|Dancers get down many years ago on "Soul Train."|
Cornelius, who established the long-running show "Soul Train,"died recently at age 75.
I always thought of Soul Train as "American Bandstand"s older, wilder brother. American Bandstand, though fun for me to watch as a kid, was a little too wholesome and earnest. The mostly white dancers on the show were just a little too reserved. The music they danced to was just a little too conservative, a little too mainstream.
Soul Train, on the other hand, was a hot party in the Big City, something I regretted missing out on as I sat in the living room of the family home in the Grand Metropolis of West Rutland, Vermont. (Population about 2,400 at the time)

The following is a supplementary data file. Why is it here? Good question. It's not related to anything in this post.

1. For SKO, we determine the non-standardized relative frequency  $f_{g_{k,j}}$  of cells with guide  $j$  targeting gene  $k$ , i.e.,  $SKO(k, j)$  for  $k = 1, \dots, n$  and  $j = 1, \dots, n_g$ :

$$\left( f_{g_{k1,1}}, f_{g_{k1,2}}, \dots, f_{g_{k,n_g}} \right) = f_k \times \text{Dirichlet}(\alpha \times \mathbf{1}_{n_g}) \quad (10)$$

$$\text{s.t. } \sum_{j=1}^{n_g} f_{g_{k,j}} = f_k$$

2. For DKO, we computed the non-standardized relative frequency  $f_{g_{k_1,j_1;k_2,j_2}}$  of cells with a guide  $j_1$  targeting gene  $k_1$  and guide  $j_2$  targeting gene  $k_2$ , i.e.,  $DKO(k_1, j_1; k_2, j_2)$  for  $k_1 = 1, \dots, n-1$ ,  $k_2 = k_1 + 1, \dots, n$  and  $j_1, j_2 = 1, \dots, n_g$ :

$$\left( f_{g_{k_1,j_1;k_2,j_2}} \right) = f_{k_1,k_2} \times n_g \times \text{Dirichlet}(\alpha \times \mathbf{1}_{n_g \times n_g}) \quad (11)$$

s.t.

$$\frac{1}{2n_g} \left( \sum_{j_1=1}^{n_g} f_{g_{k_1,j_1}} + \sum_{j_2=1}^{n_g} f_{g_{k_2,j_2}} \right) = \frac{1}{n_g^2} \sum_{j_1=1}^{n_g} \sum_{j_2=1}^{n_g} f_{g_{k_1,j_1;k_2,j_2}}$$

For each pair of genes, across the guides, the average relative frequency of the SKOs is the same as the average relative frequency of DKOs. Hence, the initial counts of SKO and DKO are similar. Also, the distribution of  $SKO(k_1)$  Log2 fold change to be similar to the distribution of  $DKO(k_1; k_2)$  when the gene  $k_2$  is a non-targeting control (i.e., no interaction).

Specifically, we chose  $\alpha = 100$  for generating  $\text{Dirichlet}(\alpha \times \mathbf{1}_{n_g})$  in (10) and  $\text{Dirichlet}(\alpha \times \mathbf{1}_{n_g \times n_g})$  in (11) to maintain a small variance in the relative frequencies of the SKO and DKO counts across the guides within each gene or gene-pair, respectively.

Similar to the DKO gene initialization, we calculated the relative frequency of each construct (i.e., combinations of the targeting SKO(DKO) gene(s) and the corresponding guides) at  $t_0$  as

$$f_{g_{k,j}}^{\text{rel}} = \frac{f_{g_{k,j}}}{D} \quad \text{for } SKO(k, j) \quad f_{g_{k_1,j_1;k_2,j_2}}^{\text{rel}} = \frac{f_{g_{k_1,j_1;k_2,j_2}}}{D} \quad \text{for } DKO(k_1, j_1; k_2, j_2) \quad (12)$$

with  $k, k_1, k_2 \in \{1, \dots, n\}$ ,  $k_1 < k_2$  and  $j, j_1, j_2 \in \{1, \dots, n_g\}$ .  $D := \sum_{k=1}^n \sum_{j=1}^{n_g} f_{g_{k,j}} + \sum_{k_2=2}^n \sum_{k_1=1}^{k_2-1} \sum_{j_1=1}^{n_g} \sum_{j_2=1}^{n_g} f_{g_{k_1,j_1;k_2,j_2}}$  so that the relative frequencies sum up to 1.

The Soul Train music was more raw, more joyous, more raucous that the stuff you heard on American Bandstand. The dancers, mostly black, were fabulous, somehow both cool and hot, and they hinted at a sexual, dangerous audacity.
On Soul Train and in the video of the Times Square event, you see all these mod, huge afros, straight from the year 1970. Or maybe frizzy from the year 1970. The hairdos went out of style way back when, but with the death of Cornelius and the fondness and nostalgia for Soul Train and the passage of time, those afros to me are hot, hot, hot again.
I smell a fashion trend coming in those afros and big round sunglasses. Like I said, Hot!